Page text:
- Do Not Adjust Your Set
Do Not Adjust Your Set
From left to right: David Jason, Michael Palin, Eric Idle, Denise Coffey and Terry Jones.
Format television comedy Starring Denise Coffey
Country of origin United Kingdom Language(s) English No. of episodes 27 Production Executive producer(s) Humphrey Barclay (series 1)
Ian Davidson (series 2)
Running time 30 minutes Broadcast Original channel ITV Original run 26 December 1967 – 14 May 1969
Do Not Adjust Your Set (DNAYS) was a children's television series produced originally by Rediffusion, London, then by the fledgling Thames Television for British commercial television channel ITV from 26 December 1967 to 14 May 1969.
The show took its name from the message (frequently seen on the TV screen in those days) which was displayed when there was a problem with transmission. Although originally conceived as a children's programme, it quickly acquired a cult crossover following amongst many adults, including John Cleese and Graham Chapman (as mentioned by Cleese himself in the "Paying my ex wife" stage performance tour, October 2010).
This was an early appearance of many actors and comedians who later became famous, such as Denise Coffey and David Jason; Michael Palin, Terry Jones, and Eric Idle later became members of the hugely successful Monty Python comedy troupe. The Bonzo Dog Doo-Dah Band performed a song in each programme and Bob Kerr's Whoopee Band also appeared. The musicians frequently appeared as extras in sketches.
The programme comprised a series of sketches, often bizarre and surreal, frequently satirical with a disjointed style which was to become more famous in the more daring Monty Python's Flying Circus, which followed five months later. At least one DNAYS sketch was re-used in Monty Python. Strange animations between sketches were crafted in the final episodes by the then-unknown Terry Gilliam, who also graduated to Python – part of his "Christmas cards" animation reappeared there in the "Joy to the World" segment.
One long-running feature of the show was "Captain Fantastic", featuring a parody superhero (Jason) in improbable, even macabre adventures against villainess Mrs. Black (Coffey). These segments were shot entirely on film, on location in London.
In 1968 it won an international award, the Prix Jeunesse, in Munich.
- Series one: 14 episodes of 30 minutes broadcast between 26 December 1967 to 28 March 1968, Thursdays at 5.25 pm.
- Series two: 13 episodes of 30 minutes broadcast between 19 February 1969 to 14 May 1969, Wednesdays at 5.20 pm.
- Untitled special of 30 minutes broadcast 29 July 1968, Monday at 7 pm.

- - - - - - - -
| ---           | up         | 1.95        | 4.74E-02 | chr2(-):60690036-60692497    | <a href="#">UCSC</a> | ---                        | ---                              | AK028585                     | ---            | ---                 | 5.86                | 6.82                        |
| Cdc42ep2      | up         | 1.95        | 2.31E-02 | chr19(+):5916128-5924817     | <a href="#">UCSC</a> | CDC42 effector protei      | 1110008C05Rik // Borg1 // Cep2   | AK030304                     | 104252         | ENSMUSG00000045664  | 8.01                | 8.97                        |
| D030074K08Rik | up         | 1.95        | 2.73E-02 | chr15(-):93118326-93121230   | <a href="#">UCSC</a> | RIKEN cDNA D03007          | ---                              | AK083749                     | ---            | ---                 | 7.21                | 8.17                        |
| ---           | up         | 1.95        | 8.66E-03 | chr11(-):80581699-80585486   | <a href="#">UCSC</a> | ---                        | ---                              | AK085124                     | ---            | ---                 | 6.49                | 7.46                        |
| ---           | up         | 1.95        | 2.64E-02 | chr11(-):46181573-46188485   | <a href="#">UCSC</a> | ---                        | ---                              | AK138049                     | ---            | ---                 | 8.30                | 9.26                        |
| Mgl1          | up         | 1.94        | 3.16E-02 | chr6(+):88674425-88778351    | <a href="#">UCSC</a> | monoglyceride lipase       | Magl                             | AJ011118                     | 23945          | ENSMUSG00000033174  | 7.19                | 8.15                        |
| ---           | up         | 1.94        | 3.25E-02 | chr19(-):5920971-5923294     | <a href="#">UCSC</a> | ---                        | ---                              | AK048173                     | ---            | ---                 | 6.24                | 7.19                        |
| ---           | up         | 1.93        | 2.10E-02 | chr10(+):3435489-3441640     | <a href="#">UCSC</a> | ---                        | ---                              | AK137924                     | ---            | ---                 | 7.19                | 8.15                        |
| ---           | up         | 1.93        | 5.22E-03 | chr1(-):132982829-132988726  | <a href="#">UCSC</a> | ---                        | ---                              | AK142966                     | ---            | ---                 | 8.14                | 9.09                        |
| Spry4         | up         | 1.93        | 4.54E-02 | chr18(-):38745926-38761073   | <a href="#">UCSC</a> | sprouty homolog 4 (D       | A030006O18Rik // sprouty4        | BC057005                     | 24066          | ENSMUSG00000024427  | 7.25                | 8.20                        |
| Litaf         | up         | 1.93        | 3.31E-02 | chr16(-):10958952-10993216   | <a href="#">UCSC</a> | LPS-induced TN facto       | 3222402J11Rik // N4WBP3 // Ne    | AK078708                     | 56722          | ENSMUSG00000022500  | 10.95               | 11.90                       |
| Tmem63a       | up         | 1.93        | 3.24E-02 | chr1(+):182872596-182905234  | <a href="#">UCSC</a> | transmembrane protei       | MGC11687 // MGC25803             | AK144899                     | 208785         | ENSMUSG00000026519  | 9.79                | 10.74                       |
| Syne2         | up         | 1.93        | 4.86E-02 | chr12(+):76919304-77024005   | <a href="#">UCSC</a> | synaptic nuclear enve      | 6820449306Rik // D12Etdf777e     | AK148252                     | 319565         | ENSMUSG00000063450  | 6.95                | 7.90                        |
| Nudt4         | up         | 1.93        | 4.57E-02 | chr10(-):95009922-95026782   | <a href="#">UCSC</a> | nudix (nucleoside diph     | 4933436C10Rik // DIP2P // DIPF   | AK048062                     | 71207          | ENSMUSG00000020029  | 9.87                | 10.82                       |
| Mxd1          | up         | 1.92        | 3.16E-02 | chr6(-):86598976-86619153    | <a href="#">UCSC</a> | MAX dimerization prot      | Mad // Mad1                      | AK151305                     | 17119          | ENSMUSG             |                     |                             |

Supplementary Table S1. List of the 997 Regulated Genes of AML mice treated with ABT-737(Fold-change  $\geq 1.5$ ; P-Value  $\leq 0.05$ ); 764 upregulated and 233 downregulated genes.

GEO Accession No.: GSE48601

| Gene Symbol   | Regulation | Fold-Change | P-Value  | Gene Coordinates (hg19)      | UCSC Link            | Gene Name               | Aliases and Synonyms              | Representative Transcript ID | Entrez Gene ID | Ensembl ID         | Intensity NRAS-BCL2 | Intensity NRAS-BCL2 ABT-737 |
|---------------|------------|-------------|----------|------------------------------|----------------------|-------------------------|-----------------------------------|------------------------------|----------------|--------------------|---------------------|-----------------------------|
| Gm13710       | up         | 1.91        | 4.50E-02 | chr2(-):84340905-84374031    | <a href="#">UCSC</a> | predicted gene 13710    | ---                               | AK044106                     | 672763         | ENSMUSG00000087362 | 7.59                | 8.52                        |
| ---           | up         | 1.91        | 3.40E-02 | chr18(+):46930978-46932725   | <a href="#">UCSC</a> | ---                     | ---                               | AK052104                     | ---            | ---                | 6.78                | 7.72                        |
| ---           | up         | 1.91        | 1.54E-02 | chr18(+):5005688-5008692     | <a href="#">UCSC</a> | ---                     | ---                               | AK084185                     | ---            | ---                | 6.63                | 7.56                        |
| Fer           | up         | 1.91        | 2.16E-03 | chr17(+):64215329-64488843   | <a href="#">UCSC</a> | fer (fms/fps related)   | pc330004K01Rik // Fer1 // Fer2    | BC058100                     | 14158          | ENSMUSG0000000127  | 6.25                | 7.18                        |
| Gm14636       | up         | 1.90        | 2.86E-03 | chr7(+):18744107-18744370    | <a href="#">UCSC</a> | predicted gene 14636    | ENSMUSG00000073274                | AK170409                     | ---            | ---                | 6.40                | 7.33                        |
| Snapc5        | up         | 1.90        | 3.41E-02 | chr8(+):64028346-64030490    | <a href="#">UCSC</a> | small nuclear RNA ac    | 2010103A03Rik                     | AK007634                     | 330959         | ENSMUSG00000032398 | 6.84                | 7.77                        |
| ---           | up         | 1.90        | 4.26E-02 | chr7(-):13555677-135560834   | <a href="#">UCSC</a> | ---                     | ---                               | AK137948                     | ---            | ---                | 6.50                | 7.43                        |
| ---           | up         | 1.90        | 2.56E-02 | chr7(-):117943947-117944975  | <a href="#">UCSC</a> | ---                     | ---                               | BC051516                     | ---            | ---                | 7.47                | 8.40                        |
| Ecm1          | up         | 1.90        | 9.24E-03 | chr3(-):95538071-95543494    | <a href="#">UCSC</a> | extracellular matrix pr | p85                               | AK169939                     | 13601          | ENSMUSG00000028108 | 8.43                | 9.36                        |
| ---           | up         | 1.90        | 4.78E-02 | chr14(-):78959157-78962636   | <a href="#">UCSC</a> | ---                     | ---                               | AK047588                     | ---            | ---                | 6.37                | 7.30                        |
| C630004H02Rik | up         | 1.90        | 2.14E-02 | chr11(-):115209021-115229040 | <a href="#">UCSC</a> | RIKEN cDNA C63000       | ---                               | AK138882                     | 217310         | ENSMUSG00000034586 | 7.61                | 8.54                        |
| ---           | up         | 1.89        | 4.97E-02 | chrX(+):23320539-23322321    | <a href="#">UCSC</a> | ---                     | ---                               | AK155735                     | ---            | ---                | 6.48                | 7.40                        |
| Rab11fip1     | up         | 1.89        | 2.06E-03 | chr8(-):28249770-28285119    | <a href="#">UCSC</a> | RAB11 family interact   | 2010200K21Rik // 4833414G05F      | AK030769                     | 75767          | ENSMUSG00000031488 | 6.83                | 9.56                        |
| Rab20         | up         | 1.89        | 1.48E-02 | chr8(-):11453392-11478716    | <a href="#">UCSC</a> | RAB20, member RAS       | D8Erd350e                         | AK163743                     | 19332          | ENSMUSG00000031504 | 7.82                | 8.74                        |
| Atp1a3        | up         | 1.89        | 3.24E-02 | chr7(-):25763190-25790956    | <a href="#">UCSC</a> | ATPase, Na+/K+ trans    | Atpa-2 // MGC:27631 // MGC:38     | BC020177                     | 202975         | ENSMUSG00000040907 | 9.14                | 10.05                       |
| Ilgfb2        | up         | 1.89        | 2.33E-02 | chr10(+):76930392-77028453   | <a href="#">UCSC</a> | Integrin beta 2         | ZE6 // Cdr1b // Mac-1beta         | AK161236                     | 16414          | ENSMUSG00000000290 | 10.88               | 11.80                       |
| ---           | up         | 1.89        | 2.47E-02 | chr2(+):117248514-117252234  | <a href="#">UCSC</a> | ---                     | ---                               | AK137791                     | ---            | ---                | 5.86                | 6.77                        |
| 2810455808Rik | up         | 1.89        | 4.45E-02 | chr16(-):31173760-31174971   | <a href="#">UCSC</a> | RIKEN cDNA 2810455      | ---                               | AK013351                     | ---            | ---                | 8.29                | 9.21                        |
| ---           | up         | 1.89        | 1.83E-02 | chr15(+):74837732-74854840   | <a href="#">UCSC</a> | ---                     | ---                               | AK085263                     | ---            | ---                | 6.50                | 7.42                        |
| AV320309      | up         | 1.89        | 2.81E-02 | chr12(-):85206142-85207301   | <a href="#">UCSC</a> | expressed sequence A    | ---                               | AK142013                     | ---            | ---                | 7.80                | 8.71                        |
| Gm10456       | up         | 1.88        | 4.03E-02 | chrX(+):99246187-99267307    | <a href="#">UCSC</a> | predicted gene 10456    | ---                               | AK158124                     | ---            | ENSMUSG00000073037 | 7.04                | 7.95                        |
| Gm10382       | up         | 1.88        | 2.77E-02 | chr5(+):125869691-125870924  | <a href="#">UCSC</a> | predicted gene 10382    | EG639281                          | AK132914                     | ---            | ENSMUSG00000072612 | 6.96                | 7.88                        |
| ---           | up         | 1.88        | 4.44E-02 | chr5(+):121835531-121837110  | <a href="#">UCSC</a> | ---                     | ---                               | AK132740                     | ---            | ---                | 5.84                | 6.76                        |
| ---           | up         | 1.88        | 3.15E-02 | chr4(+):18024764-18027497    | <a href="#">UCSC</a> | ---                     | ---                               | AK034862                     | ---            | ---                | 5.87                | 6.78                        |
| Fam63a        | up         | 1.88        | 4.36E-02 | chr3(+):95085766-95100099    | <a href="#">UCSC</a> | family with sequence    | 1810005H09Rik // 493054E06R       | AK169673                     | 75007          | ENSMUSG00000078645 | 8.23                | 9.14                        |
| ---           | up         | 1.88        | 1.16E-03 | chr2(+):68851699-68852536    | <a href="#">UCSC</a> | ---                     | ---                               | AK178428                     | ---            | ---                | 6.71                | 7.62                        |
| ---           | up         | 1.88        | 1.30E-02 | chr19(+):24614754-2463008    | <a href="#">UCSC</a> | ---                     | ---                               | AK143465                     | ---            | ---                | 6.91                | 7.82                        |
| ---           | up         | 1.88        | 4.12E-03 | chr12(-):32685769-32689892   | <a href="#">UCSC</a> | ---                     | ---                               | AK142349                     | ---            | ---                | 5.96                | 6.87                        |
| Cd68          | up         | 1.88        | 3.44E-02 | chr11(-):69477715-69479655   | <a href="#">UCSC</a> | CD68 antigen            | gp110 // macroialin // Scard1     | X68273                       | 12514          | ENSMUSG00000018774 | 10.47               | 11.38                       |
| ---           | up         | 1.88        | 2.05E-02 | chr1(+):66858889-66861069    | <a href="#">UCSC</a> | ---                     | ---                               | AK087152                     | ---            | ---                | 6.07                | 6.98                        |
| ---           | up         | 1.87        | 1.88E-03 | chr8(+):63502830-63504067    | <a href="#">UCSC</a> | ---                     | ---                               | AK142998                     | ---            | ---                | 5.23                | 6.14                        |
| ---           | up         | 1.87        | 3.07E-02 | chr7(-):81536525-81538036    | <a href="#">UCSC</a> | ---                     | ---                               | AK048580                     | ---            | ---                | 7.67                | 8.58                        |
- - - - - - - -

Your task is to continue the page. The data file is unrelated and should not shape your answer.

- "Do Not Adjust Your Stocking", 50 minutes broadcast 25 December 1968, Wednesday 4:10 pm.
In common with another important Monty Python predecessor, At Last the 1948 Show, many episodes were wiped as was common practice at the time due to the lack of any apparent market to them prior to the invention of home video.
Nine of the 14 episodes from the first (Rediffusion) series (presumably all that survive) were released on DVD in the UK and the US in August 2005. Both releases use the same NTSC Region 0 discs made from telerecordings of the original videotapes. The packaging implies that Gilliam's animations appear in these episodes, but they do not. Gilliam does appear as one of the additional writers in the credits for episode number three. The Bonzo Dog Doo Dah Band is seen playing its song "Death Cab for Cutie" (also performed in The Beatles' film Magical Mystery Tour) in the DVD, Episode 7.
iTunes Music Store release
In March 2008, nine episodes of Do Not Adjust Your Set were made available for purchase in the United States via the iTunes Music Store. Episodes are of varying lengths from 25 minutes for Episode 1 to 11 minutes for Episode 7. Average length is around 13 minutes. iTunes labels these episodes as "Season 2" but they appear to be the same as the DVD release
- Currie, Tony (2004). A Concise History of British Television 1930–2000. Kelly Publications. p. 64. ISBN 190305317X.
- Wilmut, Roger (1980). From Fringe to Flying Circus: Celebrating a Unique Generation of Comedy, 1960–1980. Eyre Methuen. p. 183.
- British Film Institute Screen Online
- A Review of DNAYS
- Do Not Adjust Your Set at the Internet Movie Database
- Do Not Adjust Your Set at TV.com
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